Only the teachers who are pedagogically trained would be able to detect when something is not right with what they are doing. If they are true to their calling as teachers, they would do something about it. They will make the necessary adjustments. If they don’t care then may God bless the students. It’s much worse when those hired to teach are not really trained as teachers. They don’t have the pedagogical skills to understand what is really happening. For them, it’s just a matter of when the students don’t get the scores required they fail. That’s it.
Let’s bring back one of the questions posed earlier – “When students fail does it mean they did not learn?”
If the answer to this is yes it means that the grades of the students reflect not only their performance but that of their teachers as well.
How true is it that “it’s not teaching if there’s no learning.” Can the teachers claim they did their job as teachers even if their students fail?”
When students fail the tests meant to evaluate learning then the activities designed and strategies selected fail to help achieve the objectives. It is the responsibility of the teachers to make sure that their objectives are attainable and the corresponding activities and strategies are effective. It is their responsibility to make sure that their students would succeed. It is as simple as that. A philosophical mind is not needed to grasp that… just common sense would do.
The worst thing that can happen to students is to have teachers whose view of education is myopic – teachers who judge students according to the numbers they crunch during tests and recitations. The students are much more valuable than those numbers.
Education transcends all statistical data that teachers collect during a school term. Yes, there are written rules. There are policies and regulations. But they are not absolute. Education cannot be confined to a box. It is more than black and white. It is as colorful as the rainbow. Teachers should lead their students to the proverbial end of that rainbow where a pot of gold – a good future – awaits them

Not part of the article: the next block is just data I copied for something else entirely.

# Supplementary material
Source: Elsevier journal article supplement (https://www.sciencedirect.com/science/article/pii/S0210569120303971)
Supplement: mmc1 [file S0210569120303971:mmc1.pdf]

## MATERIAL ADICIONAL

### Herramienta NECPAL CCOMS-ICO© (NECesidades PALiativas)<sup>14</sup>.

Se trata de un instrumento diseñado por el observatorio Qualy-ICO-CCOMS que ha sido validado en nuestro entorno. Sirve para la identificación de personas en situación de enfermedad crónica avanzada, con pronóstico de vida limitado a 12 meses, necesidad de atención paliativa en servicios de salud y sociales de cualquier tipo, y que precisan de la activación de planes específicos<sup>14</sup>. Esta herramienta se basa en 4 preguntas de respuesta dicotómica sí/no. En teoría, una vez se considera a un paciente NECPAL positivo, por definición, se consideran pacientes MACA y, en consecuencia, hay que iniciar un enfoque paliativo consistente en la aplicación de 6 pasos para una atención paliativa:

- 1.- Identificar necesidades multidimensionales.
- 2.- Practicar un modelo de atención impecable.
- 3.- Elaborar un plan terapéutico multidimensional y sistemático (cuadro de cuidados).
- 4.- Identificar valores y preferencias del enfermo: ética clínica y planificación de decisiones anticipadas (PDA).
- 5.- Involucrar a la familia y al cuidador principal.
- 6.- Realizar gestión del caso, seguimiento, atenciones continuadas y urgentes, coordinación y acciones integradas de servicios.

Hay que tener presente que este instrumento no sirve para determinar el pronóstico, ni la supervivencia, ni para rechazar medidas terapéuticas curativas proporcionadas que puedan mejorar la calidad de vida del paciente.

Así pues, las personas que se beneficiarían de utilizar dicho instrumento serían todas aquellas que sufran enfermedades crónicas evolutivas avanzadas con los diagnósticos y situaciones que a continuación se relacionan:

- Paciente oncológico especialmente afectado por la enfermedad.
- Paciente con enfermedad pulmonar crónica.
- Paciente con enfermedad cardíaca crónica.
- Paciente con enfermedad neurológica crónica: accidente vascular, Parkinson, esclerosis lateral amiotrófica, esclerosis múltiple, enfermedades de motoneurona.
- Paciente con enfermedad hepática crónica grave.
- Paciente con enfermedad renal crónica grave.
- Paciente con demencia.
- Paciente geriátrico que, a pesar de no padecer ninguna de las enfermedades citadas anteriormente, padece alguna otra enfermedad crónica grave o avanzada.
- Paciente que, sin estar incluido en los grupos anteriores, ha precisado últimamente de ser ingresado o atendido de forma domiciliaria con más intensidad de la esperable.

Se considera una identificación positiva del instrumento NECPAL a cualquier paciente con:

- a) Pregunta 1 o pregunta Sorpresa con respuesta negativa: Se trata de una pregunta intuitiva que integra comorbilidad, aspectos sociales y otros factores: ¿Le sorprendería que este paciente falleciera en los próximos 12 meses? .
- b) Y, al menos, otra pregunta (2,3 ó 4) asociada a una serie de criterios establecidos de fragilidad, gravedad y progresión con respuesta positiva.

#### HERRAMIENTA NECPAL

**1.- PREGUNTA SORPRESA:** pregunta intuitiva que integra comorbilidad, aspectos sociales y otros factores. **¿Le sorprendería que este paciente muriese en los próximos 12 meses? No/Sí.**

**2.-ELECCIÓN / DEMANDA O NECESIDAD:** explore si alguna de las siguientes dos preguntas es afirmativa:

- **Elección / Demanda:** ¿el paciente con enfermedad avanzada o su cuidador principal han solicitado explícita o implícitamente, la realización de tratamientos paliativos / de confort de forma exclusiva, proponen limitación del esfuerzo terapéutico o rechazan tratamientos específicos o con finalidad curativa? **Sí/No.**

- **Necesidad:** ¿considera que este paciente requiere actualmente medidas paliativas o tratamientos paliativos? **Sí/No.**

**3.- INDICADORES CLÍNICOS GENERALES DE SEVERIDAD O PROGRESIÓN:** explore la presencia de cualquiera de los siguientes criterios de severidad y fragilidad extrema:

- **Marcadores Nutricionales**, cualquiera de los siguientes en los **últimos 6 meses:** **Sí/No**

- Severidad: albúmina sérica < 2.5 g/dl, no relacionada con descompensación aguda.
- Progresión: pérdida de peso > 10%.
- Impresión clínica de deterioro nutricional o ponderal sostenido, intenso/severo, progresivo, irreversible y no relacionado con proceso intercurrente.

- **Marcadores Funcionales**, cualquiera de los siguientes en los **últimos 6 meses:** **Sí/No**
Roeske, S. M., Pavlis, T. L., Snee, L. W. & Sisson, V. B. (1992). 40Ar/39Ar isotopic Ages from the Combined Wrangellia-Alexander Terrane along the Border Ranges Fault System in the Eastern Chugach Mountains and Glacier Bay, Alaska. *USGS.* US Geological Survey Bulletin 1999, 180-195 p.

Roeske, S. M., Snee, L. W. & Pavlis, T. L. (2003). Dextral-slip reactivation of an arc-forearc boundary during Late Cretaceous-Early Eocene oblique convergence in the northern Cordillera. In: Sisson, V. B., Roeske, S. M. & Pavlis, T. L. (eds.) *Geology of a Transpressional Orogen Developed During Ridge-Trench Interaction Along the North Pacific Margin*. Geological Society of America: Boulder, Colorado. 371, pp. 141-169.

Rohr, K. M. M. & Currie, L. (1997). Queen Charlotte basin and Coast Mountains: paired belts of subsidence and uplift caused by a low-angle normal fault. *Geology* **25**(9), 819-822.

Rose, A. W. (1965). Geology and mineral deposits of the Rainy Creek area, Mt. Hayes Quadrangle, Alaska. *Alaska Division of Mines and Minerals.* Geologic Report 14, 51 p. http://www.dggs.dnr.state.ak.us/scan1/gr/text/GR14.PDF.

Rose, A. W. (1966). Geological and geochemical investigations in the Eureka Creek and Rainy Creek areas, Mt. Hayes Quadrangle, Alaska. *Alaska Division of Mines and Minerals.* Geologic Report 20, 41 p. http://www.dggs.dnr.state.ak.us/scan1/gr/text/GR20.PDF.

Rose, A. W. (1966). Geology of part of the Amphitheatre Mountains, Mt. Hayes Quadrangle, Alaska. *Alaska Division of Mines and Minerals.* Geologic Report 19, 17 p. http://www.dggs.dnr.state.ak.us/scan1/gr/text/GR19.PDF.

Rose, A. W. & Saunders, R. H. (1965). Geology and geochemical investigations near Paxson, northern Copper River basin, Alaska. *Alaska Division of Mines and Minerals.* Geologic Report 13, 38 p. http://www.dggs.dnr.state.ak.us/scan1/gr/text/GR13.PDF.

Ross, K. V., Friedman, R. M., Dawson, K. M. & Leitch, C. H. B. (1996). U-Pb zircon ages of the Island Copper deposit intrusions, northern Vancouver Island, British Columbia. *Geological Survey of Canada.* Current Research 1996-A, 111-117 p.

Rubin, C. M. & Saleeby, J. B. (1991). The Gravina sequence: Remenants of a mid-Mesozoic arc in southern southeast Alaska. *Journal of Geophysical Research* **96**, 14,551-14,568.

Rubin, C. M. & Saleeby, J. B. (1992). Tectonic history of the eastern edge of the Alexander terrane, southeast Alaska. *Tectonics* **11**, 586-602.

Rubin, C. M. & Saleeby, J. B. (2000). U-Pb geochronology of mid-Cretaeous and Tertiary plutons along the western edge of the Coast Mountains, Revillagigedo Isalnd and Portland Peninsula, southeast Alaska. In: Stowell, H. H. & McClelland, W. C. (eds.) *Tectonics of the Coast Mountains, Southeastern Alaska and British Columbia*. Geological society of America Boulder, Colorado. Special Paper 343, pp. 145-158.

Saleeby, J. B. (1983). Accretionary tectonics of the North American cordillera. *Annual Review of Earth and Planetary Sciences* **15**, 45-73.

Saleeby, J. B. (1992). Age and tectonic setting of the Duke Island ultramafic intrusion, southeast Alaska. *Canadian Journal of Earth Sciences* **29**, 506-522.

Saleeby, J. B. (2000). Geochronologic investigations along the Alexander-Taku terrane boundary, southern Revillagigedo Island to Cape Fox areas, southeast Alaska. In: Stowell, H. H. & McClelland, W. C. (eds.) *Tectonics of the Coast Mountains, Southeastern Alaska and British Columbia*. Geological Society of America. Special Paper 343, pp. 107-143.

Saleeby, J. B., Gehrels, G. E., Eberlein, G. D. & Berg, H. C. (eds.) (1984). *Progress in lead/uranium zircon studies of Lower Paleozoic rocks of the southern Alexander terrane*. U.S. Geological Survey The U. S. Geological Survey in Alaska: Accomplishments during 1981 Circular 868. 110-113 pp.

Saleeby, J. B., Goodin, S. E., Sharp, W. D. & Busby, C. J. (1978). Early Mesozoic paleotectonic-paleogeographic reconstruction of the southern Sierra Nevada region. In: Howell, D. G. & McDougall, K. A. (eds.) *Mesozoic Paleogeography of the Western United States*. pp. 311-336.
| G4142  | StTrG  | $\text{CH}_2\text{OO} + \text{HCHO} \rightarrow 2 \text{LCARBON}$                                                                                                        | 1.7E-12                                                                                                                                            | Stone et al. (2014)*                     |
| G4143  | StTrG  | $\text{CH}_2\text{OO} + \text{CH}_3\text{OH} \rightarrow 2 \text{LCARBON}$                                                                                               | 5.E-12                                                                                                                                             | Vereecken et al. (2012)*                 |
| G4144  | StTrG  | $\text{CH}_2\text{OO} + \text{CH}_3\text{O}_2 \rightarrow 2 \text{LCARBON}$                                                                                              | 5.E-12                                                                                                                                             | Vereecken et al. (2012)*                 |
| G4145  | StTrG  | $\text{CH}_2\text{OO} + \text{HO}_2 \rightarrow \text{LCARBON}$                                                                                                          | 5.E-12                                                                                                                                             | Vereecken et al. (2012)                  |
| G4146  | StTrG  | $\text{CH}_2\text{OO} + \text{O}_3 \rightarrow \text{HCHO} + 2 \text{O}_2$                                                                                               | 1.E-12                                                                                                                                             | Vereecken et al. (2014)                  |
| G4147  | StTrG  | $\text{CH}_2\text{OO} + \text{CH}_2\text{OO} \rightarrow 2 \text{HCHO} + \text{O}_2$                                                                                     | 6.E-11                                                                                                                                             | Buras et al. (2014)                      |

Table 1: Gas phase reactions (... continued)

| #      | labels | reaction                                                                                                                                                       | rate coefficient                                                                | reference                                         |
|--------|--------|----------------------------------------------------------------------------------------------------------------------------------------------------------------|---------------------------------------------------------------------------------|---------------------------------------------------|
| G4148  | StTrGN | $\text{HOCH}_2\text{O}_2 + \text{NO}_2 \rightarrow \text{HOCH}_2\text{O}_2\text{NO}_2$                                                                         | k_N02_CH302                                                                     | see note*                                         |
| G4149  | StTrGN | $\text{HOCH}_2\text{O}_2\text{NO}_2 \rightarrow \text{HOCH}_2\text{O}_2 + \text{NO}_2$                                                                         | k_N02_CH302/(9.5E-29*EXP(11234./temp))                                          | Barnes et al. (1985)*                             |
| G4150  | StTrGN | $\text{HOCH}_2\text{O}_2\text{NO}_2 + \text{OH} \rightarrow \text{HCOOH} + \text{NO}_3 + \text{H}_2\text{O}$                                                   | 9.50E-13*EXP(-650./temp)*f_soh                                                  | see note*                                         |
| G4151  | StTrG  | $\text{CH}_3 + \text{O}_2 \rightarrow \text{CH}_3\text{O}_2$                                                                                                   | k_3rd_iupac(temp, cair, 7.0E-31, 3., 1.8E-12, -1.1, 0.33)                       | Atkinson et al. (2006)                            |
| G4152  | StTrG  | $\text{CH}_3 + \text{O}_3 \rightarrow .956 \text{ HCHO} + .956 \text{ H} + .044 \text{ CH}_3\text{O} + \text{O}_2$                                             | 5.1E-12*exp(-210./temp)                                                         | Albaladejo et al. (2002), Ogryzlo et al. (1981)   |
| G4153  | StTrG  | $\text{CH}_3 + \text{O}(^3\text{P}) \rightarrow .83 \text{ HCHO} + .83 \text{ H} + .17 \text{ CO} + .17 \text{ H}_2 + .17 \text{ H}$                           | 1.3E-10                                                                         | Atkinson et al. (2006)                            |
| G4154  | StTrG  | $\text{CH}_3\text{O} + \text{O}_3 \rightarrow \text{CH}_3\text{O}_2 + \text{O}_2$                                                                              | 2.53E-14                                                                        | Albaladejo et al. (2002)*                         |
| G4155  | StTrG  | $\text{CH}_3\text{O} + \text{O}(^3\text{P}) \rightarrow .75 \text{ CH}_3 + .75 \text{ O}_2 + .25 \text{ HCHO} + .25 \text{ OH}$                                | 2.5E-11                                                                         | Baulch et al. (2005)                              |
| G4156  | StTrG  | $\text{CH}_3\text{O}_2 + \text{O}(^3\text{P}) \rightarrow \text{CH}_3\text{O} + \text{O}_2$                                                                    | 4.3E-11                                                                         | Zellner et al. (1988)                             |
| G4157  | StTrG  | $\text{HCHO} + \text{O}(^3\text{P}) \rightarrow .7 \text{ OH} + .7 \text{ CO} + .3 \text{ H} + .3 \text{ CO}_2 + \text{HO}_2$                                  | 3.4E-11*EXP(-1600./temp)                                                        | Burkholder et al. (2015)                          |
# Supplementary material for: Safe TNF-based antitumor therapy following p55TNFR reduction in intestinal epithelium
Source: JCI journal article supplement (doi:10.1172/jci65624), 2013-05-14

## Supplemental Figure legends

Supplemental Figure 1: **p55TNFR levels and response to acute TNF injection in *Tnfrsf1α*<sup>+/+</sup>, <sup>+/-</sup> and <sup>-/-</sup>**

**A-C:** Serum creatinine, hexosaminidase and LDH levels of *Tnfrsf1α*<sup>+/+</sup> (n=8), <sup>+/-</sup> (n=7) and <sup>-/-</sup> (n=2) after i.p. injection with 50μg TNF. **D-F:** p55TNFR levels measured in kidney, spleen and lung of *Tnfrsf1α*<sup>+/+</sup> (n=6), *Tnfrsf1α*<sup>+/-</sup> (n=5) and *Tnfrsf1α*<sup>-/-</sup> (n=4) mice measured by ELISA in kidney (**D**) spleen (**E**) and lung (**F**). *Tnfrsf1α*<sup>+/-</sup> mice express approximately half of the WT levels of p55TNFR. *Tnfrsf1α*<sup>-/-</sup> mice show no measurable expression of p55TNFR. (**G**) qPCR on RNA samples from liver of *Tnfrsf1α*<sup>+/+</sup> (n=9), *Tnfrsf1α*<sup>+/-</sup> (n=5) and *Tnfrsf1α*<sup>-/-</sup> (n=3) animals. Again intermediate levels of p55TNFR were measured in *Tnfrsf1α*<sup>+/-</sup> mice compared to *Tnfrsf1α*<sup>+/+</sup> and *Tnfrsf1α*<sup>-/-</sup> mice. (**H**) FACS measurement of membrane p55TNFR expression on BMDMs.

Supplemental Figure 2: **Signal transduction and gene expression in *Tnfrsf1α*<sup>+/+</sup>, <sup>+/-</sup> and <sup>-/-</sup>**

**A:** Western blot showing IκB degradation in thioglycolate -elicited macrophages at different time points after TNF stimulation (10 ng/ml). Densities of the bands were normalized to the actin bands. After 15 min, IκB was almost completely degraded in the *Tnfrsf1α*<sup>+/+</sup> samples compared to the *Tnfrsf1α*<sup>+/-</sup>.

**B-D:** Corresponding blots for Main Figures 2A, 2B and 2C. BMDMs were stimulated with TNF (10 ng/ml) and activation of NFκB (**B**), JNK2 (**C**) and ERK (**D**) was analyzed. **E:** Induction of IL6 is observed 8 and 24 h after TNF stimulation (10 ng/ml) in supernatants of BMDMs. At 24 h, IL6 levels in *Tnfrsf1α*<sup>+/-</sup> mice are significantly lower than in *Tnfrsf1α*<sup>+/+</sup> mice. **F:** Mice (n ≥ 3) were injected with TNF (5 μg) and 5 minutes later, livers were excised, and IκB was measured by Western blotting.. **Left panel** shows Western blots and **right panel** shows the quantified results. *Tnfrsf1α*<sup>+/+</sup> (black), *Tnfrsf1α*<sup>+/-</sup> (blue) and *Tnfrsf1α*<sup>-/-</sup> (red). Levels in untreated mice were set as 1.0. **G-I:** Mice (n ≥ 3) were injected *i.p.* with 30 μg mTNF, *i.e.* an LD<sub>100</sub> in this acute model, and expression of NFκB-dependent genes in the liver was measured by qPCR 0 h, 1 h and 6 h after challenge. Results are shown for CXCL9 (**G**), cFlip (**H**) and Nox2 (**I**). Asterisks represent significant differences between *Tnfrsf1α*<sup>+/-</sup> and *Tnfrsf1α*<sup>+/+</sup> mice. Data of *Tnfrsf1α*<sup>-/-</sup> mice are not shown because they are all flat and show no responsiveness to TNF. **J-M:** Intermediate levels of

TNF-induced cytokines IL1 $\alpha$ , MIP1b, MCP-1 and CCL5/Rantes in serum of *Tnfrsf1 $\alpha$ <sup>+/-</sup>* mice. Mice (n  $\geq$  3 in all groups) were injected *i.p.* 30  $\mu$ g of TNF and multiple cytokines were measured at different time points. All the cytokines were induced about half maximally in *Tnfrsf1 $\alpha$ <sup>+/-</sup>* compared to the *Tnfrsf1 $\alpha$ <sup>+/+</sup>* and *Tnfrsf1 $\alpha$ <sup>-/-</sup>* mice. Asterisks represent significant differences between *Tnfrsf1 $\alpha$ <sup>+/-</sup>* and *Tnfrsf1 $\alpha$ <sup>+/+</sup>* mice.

Search any site on the Internet for the highest paid professions in the world and you will not find “teachers” in the top 30. Expand your search and look for the list of professions in different countries where the practitioners receive the best compensation packages and you will find out that teaching is not among them. You will not find a country where teachers are ranked among the highest money-earners.
Teaching not classified among the highest paying jobs, of course, is not surprising. That has been the case since time immemorial and it is not expected to change anytime soon. However, insufficient remuneration does not deter teachers from performing the role they have embraced. Such is only one of the steps in the extra mile that teachers need to walk when they have accepted that teaching is not merely a profession but a vocation. It is not merely a job to perform but an obligation to carry out.
Acknowledging that teaching is not merely a job but an obligation to carry out is what makes teachers go the extra mile, to do what is more than required in the performance of their tasks, including sacrificing personal resources…sometimes happiness. Teachers know the nature of the responsibility that they agreed to fulfill when they signed up for the job. They know it’s not easy. How in the world would one consider being responsible for the education of other people, especially the young ones, easy? When did it become easy to facilitate the acquisition of knowledge and values and the development of skills of your fellow human beings?
If only pay would be commensurate to how significant is one’s job in the enlightenment of the soul, the preservation and enhancement of the fabric of society, and the socio-economic development of a nation then teachers would get paid handsomely.
But it is what it is. Teaching is not a profitable profession. Realities teachers confront in the academe could really make them say a lot of things in the “present unreal conditional” form. There are times that they couldn’t also help but make a “wish-statement” like “I wish that I were a health care professional.”
Health care professionals (physicians, surgeons, anesthesiologists, dentists, etc.) consistently round out the top 10 in the lists of highest-paid professionals.